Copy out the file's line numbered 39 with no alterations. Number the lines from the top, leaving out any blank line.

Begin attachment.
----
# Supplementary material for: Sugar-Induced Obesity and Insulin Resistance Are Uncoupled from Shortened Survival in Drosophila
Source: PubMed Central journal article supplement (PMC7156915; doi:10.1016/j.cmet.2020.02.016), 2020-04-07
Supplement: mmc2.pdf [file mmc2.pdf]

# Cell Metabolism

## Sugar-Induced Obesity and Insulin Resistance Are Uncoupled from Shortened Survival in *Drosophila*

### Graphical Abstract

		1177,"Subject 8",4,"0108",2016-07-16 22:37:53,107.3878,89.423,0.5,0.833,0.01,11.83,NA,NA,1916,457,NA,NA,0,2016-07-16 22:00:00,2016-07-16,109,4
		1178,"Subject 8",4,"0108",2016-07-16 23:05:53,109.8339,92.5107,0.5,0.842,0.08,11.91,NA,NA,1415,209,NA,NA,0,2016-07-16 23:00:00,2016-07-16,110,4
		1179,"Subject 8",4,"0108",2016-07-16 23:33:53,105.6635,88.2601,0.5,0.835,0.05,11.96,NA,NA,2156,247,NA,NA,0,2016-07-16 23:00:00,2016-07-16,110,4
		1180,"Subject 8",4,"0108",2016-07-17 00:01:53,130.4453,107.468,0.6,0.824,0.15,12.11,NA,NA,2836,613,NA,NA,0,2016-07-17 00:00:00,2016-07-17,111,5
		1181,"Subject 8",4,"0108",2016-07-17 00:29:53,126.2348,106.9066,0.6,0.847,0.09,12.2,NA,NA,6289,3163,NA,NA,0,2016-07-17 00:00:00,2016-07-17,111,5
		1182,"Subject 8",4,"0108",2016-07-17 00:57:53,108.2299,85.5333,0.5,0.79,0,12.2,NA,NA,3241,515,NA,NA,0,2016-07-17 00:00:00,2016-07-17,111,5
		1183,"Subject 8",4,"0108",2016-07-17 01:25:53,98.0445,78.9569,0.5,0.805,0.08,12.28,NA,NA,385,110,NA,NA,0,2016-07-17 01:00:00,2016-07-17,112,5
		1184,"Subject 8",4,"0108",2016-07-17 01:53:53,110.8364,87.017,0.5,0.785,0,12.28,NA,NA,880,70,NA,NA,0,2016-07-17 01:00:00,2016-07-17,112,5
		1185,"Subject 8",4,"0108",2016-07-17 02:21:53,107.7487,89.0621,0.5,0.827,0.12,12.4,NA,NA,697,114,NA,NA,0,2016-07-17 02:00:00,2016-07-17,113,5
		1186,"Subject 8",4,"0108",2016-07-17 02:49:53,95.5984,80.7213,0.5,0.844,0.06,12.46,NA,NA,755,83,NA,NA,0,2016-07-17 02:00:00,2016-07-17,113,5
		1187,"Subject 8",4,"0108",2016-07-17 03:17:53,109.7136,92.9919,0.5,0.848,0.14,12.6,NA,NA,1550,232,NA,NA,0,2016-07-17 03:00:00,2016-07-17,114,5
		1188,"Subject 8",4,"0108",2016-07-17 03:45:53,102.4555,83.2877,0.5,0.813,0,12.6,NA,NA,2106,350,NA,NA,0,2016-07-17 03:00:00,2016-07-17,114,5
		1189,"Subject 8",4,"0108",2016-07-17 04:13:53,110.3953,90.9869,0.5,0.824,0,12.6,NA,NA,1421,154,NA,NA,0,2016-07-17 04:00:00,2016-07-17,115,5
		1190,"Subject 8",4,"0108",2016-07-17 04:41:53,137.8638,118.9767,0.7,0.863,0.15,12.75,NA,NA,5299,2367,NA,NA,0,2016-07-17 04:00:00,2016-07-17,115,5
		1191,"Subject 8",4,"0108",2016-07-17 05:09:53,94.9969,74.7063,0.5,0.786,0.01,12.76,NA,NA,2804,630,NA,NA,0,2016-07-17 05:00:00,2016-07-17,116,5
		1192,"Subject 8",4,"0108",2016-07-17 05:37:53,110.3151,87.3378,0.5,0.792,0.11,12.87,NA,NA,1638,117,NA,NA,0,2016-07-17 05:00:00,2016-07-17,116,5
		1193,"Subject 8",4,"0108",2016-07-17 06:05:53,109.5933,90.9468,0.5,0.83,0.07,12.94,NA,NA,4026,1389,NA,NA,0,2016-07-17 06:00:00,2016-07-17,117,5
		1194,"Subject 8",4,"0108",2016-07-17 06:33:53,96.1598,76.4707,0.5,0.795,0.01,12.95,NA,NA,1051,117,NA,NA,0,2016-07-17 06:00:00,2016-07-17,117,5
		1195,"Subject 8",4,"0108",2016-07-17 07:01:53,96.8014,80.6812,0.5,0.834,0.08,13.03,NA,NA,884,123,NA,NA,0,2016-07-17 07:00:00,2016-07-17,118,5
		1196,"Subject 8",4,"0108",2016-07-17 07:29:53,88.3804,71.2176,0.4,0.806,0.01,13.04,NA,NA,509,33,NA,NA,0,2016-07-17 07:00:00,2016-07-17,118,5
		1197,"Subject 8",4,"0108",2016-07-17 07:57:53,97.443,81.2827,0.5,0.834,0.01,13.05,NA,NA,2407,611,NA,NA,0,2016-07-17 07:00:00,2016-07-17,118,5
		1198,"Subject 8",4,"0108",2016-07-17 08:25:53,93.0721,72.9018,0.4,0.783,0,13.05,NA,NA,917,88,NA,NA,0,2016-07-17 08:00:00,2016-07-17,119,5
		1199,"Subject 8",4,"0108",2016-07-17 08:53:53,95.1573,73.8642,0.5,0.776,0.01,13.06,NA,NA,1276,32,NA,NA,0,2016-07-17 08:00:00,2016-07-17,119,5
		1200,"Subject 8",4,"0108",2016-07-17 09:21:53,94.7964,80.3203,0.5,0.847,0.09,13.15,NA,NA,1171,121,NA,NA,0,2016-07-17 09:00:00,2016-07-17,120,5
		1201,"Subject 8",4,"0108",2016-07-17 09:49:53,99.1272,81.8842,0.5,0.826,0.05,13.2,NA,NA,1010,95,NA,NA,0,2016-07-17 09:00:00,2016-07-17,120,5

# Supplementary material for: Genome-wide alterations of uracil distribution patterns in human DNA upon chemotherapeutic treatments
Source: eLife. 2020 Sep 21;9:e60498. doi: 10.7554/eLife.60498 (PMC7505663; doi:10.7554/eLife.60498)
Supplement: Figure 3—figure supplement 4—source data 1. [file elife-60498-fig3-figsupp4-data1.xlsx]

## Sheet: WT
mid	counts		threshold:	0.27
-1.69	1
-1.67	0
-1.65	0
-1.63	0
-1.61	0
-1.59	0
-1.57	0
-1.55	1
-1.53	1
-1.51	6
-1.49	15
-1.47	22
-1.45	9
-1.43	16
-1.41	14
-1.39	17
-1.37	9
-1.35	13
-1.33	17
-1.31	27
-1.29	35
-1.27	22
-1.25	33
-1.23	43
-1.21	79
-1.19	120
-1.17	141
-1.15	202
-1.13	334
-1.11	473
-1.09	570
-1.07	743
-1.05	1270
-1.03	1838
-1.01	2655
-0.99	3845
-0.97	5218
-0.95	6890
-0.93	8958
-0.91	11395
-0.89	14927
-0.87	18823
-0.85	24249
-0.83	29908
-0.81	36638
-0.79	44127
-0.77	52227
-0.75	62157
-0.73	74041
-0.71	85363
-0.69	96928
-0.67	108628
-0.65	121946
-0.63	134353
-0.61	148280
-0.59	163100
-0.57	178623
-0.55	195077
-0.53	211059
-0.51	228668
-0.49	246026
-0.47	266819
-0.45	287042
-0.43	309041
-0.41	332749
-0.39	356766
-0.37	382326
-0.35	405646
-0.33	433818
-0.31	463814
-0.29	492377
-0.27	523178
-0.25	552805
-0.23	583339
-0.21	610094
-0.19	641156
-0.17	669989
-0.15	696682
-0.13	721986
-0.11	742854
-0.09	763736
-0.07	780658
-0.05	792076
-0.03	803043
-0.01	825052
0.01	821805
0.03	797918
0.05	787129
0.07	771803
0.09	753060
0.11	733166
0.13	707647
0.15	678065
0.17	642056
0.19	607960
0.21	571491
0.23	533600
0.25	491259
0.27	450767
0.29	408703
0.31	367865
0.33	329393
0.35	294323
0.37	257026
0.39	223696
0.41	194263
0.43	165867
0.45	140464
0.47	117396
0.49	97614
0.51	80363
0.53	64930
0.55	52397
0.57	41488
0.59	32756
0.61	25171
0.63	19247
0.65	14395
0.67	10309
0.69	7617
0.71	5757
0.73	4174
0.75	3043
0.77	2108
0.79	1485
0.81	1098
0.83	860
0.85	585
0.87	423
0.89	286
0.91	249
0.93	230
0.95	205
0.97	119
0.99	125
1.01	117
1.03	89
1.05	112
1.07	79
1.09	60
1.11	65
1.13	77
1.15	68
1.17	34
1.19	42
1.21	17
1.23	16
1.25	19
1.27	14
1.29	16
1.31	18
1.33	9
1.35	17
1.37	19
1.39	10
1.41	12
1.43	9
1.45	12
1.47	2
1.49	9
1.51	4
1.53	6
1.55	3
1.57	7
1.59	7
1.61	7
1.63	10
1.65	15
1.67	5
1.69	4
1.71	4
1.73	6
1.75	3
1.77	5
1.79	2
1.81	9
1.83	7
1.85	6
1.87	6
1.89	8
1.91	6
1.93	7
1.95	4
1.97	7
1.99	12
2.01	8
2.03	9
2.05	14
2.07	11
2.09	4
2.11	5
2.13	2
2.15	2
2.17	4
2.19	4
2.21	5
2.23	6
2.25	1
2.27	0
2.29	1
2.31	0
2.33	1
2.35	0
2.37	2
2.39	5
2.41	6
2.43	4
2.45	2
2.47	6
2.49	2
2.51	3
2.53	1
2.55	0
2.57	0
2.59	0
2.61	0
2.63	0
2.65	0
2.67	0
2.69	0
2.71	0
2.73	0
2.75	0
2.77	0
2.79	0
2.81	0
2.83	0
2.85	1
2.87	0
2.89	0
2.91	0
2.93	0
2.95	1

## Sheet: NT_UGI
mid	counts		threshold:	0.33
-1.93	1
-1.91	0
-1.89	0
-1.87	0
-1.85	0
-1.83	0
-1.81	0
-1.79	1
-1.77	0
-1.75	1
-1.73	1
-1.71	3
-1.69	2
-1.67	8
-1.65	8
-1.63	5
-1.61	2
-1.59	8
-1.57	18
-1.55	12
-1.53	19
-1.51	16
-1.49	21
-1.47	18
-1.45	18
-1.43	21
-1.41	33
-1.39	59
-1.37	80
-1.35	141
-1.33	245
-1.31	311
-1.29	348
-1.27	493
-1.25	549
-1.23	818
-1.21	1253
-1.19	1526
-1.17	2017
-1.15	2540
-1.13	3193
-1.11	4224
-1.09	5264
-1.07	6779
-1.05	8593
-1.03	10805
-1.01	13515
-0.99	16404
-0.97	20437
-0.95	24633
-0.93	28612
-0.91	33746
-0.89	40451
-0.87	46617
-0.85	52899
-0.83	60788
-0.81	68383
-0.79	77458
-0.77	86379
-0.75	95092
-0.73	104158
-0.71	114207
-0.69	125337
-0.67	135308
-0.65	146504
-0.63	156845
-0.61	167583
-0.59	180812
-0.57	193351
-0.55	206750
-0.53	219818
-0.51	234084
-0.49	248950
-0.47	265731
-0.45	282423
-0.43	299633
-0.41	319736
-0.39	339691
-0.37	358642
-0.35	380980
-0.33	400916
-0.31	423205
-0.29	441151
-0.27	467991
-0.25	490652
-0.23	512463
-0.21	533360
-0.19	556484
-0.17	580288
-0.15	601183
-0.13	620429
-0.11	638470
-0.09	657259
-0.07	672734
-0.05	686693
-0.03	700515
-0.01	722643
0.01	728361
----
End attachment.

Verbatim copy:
-1.65	0